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Is T-Mobile's G1 Near a Major Android Update?

G1 versus iPhone

A highly anticipated upgrade to the Android mobile operating system for the T-Mobile G1, otherwise known as the "Cupcake update," is slated for April, according to buzz in the blogosphere.

At the same time, industry watchers are predicting that sales of Android-based smartphones will eclipse the Apple iPhone as the dominant new player on the scene.

Insiders are following the developments carefully because the T-Mobile G1 is the first smartphone based on the open-source Google Android platform, and "Cupcake" would represent its first major update -- and would introduced a number of features that so far have been lacking.

According to the U.K.-based gadget reviews blog Pocket-Lint.com, enhancements will include an on-screen keyboard, video recording, voice recording, the ability to save MMS attachments and stereo Bluetooth.

The company line from T-Mobile, however, is that the April upgrade is just a rumor. "T-Mobile USA has not confirmed any plans to offer new software updates, including 'Cupcake,' for the T-Mobile G1 in the U.S.," a representative for T-Mobile told InternetNews.com.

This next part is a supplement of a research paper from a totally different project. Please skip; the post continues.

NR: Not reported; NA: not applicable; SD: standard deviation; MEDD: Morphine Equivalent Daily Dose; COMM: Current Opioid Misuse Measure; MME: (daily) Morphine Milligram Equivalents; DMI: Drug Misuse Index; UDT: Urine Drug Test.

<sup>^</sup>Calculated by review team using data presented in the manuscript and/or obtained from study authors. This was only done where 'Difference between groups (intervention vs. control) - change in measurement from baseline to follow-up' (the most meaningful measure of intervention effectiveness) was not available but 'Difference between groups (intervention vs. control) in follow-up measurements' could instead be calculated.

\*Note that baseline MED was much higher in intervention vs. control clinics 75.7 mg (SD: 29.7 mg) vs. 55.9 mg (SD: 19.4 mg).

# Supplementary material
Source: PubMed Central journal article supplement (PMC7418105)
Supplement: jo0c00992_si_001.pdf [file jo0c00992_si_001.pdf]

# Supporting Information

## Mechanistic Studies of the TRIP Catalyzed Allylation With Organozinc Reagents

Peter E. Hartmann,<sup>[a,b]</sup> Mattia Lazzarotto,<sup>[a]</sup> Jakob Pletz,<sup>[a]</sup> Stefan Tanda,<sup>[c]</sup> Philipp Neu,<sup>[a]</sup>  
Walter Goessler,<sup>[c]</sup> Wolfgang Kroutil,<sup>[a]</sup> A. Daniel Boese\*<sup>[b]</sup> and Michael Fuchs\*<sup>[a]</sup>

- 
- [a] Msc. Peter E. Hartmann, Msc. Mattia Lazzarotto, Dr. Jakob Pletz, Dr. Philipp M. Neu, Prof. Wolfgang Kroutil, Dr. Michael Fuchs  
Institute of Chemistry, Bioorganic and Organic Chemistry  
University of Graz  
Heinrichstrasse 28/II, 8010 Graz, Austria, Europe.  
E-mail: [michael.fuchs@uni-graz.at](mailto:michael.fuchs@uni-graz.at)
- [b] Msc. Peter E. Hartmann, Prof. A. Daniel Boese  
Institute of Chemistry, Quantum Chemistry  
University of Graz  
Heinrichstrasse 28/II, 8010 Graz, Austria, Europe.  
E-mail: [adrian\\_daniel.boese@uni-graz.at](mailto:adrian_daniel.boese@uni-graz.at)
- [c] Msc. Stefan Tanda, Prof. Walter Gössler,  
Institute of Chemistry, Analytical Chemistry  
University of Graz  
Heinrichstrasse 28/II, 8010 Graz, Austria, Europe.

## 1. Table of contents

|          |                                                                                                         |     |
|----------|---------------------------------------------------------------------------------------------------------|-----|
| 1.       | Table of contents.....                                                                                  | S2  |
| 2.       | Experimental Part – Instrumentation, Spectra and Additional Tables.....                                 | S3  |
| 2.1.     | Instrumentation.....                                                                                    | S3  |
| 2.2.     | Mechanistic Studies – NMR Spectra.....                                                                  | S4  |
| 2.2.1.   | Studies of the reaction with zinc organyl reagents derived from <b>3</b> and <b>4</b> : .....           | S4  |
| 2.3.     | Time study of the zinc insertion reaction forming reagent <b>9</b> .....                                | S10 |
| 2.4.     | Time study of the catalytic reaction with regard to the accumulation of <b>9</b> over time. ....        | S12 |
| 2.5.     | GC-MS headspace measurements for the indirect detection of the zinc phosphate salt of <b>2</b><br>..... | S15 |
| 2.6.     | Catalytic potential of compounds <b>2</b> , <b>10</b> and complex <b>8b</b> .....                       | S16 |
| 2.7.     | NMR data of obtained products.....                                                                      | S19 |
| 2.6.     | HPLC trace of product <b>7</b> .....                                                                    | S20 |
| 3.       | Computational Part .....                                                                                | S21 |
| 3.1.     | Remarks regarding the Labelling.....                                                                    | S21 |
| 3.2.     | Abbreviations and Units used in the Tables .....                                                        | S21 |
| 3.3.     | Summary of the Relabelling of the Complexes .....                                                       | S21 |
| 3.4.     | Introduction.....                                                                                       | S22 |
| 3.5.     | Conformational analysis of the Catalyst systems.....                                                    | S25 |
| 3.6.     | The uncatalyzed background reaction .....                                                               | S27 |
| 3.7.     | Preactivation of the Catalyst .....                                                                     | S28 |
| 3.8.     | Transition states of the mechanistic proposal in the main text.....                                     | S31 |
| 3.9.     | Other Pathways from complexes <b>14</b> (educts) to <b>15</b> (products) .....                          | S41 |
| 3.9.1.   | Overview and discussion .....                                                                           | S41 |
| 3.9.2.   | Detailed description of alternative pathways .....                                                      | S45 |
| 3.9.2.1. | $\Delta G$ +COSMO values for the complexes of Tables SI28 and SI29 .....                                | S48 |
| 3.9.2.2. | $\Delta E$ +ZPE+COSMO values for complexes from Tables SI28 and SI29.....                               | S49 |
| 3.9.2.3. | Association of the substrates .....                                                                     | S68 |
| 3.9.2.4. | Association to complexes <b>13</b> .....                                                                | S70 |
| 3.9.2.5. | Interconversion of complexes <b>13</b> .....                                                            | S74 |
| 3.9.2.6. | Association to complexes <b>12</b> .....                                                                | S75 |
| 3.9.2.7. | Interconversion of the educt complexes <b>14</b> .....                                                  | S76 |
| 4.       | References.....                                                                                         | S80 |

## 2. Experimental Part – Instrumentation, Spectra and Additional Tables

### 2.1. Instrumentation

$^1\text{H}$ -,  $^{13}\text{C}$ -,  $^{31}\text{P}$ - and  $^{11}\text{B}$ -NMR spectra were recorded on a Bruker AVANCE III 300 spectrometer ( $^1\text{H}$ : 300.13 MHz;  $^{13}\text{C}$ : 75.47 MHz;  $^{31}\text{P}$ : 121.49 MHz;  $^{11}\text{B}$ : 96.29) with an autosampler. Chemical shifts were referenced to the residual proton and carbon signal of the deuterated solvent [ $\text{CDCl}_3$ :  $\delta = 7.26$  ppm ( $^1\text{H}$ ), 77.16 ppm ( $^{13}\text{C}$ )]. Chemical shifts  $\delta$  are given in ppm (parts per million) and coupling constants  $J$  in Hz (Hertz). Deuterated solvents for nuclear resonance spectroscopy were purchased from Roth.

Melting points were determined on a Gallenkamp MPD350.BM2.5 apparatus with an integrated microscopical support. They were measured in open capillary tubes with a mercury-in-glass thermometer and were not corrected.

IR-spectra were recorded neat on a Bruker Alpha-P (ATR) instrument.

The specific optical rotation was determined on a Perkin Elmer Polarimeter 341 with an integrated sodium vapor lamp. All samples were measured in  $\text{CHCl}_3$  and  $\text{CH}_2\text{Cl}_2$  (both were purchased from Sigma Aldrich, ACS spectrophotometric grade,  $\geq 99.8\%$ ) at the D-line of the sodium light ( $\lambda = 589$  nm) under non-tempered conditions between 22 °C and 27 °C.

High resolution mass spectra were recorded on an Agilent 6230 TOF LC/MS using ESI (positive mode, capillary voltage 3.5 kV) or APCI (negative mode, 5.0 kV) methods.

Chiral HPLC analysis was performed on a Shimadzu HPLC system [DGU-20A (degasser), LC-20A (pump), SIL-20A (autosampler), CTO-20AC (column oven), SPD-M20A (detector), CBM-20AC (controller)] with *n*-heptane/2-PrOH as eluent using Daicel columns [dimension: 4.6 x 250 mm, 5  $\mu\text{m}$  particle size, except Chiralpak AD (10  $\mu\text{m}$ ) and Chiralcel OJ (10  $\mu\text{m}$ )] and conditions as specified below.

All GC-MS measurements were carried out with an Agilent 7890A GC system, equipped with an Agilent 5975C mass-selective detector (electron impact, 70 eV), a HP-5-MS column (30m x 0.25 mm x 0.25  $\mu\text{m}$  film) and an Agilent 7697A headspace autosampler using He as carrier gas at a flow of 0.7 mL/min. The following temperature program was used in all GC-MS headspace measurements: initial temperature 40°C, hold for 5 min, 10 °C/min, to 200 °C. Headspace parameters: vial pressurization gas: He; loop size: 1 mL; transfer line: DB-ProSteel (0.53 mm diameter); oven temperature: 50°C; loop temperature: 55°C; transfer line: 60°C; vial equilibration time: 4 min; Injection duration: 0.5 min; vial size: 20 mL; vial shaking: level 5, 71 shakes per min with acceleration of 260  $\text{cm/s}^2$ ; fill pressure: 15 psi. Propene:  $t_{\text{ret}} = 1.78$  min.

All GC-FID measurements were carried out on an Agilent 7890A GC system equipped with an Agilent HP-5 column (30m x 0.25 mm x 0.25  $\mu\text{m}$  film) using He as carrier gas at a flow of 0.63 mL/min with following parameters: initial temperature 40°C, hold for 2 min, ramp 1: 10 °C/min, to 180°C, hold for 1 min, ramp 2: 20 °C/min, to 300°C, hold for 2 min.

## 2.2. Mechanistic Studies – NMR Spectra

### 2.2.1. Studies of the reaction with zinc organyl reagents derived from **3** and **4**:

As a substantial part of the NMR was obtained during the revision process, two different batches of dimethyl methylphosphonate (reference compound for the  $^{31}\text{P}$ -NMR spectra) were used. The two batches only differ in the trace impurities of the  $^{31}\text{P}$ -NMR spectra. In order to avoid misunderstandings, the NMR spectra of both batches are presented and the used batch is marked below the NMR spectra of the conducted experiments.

"Cupcake" originated during Android's transition to an open-source project, under the auspices of the Google-led Open Handset Alliance. Since then, some development has continued in a private branch of the software -- with Cupcake being a read-only mirror of one of them, according to reports.

If reports are correct, an update like Cupcake could drive ever further momentum for the Google-backed Android software. Industry watchers are already speculating that sales of smartphones using the Android platform will overtake the iPhone by 2012, as U.K.-based research firm Informa Telecoms and Media predicted in a recent report.

The reasoning goes like this: Android will be available on a wide variety of devices and mobile networks at different price points, and this widespread availability is bound to have an advantage over iPhones, which are likely to be available from one manufacturer -- Apple (NASDAQ: AAPL) -- and on limited networks.

Another factor that might give Android phones the edge is that it may be easier for developers, compared to other major phone platforms. Google offers developers a standardized set of tools, for instance, while Nokia's Symbian has been roundly criticized for being too complicated, Informa said.

For now, the field is sparse in terms of Android offerings, however -- consisting at the present solely of the T-Mobile G1, with the HTC Magic on tap for an April release on Vodafone's network. (HTC also manufactured the T-Mobile G1.)

Still, expectations are high for other members of the Open Handset Alliance, like Samsung and Sony Ericsson, to roll out models this year and in 2010. Industry watchers are also anticipating Android-based handsets from Motorola, another Alliance member, which has given indications it plans to launch its own Android devices by 2010.